Global color mosaic of Triton, taken in 1989 by Voyager 2 during its flyby of the Neptune system. 

This global color mosaic of Triton, taken in 1989 by NASA's Voyager 2 shows Triton, the largest satellite of Neptune. Triton has the coldest surface known anywhere in the solar system; it is so cold that most of Triton's nitrogen is condensed as frost.
Image credit: NASA/JPL/USGS

"The technology is many generations old, and it takes someone with 1970s design experience to understand how the spacecraft operate and what updates can be made to permit them to continue operating today and into the future," said Suzanne Dodd, Voyager project manager based at NASA's Jet Propulsion Laboratory in Pasadena.

Team members estimate they will have to turn off the last science instrument by 2030. However, even after the spacecraft go silent, they'll continue on their trajectories at their present speed of more than 30,000 mph (48,280 kilometers per hour), completing an orbit within the Milky Way every 225 million years.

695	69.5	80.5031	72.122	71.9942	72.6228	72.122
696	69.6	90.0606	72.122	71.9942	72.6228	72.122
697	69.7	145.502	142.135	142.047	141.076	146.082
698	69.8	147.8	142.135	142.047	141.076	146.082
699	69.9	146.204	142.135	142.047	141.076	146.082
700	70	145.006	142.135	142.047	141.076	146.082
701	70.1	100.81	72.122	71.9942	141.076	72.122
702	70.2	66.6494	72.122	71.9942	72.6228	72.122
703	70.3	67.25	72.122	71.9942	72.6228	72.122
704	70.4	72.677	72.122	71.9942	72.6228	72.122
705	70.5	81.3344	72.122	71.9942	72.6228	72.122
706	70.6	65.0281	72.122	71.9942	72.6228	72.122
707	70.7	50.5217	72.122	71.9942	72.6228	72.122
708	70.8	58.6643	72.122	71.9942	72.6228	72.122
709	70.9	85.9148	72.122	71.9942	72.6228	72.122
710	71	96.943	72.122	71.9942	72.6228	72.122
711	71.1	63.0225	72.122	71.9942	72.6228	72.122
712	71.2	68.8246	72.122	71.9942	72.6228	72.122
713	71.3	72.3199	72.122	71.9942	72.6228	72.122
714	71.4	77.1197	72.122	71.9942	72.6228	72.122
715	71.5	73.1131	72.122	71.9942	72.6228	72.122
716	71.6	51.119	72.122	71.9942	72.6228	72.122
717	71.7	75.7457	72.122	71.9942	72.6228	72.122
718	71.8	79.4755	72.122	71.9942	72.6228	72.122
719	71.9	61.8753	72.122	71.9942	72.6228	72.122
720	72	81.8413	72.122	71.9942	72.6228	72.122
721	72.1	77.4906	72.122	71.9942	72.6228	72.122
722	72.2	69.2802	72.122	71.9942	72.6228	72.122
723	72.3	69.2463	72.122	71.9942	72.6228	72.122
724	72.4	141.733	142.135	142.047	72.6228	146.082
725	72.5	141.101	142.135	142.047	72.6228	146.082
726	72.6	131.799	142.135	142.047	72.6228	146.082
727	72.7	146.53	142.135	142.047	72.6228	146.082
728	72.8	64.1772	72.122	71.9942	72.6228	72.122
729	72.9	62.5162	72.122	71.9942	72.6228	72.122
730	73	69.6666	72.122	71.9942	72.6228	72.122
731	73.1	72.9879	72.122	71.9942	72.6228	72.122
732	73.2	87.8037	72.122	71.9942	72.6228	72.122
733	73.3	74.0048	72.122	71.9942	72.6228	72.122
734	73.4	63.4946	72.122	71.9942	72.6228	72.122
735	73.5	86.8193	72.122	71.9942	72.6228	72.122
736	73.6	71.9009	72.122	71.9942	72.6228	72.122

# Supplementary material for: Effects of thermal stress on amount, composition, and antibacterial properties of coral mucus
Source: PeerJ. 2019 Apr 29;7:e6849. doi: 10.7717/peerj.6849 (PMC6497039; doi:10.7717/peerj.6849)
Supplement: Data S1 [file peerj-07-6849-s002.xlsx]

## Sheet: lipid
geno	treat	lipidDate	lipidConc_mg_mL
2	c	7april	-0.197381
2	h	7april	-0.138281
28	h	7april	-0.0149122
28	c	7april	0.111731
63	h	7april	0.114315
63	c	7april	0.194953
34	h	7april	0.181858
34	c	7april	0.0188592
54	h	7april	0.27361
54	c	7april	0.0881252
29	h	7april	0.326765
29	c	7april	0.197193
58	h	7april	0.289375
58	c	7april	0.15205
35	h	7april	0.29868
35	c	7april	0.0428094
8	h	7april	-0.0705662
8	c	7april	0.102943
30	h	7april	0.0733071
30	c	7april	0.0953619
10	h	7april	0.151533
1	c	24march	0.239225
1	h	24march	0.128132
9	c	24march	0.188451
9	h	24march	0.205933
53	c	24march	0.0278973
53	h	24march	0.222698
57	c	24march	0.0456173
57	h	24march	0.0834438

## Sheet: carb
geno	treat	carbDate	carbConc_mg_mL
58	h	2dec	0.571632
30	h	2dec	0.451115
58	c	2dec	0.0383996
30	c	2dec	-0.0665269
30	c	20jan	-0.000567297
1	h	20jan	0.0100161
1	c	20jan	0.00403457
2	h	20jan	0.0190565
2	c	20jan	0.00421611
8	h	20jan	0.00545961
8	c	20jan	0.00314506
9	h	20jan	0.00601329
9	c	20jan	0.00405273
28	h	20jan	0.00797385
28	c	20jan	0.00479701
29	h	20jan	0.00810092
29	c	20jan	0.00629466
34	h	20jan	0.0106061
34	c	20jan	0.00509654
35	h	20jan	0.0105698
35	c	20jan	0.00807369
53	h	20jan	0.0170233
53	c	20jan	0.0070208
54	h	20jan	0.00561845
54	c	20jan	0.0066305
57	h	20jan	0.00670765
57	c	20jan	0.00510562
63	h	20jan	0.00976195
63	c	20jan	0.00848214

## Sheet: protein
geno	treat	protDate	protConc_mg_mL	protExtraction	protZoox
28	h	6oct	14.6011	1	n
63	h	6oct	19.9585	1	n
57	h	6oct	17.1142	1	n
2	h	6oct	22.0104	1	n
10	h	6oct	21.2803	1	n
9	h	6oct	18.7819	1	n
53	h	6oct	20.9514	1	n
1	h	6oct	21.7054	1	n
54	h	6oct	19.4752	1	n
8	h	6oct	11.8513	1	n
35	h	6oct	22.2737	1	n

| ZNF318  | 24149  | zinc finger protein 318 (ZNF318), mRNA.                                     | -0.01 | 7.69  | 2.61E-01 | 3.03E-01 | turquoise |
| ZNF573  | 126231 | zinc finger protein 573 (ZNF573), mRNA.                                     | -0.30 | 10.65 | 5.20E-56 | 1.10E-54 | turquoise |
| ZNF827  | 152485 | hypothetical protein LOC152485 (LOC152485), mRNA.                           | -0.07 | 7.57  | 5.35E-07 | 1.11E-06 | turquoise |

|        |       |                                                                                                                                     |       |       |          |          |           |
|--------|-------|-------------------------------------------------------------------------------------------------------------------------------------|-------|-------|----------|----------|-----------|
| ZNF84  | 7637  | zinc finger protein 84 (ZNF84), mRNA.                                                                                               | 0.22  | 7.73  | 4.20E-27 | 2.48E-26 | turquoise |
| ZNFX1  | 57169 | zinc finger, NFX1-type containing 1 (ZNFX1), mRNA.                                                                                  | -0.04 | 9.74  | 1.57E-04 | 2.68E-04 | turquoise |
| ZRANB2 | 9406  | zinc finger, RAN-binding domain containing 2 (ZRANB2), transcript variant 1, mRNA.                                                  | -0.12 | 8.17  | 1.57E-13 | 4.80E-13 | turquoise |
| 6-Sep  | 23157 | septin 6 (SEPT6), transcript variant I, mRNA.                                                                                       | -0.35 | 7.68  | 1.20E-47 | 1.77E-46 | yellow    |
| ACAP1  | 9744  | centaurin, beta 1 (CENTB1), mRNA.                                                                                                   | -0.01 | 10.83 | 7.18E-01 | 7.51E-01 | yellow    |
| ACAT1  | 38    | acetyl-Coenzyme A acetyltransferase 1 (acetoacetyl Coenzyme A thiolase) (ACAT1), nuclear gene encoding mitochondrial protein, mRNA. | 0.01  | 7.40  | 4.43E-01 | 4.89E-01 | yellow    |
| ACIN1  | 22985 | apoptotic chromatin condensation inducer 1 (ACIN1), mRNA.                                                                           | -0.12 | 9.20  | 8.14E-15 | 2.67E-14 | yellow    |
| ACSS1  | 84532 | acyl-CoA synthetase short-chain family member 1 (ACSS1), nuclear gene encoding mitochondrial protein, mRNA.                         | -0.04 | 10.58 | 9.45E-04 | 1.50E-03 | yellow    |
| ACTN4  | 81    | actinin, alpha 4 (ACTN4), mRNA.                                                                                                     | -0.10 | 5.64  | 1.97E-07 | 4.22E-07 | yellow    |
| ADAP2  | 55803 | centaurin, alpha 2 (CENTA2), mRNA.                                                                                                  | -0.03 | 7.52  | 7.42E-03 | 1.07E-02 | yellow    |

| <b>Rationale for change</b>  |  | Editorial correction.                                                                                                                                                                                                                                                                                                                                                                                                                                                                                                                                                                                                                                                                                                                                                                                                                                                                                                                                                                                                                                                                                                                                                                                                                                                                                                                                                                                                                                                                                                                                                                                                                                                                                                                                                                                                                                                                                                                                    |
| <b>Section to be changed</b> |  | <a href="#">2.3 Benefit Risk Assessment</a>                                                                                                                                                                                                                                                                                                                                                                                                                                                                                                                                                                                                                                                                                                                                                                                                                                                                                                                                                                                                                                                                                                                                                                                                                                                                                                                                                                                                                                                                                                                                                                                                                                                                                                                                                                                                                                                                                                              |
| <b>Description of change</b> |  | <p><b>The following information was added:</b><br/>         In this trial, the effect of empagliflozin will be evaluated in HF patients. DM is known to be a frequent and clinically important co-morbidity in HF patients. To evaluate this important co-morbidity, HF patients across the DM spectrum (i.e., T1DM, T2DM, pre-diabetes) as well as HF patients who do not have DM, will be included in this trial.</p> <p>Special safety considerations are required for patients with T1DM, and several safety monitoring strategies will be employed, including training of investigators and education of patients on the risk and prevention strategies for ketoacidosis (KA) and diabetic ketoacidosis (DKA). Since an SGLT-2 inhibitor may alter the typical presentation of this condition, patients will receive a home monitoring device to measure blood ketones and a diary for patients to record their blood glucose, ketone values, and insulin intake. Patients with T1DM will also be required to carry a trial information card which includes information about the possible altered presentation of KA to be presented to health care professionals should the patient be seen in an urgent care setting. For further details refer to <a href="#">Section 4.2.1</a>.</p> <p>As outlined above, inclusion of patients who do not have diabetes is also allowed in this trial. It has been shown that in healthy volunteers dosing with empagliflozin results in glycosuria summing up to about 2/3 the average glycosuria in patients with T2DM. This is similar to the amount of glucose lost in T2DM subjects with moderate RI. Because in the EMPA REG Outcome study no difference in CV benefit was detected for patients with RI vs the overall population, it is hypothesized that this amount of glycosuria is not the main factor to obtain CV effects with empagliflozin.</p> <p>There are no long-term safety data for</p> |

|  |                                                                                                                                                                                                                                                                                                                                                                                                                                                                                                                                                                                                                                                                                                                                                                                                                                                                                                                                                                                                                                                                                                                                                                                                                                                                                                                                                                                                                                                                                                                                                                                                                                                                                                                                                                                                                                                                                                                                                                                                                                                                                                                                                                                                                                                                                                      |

These two pictures of Uranus -- one in true color (left) and the other in false color -- were compiled from images returned Jan. 17, 1986, by the narrow-angle camera of Voyager 2.
These two images of Uranus, one in true color and the other in false color, were compiled from images returned in 1986, by the narrow-angle camera of NASA's Voyager 2.
 Image credit: NASA/JPL

The Voyager spacecraft were built by JPL, which continues to operate both. The Voyager missions are part of the NASA Heliophysics System Observatory, sponsored by the Heliophysics Division of the Science Mission Directorate.





Contacts and sources:
Elizabeth Landau / Jia-Rui Cook
Jet Propulsion Laboratory


For more information about the Voyager spacecraft, visit: https://www.nasa.gov/voyager
and https://voyager.jpl.nasa.gov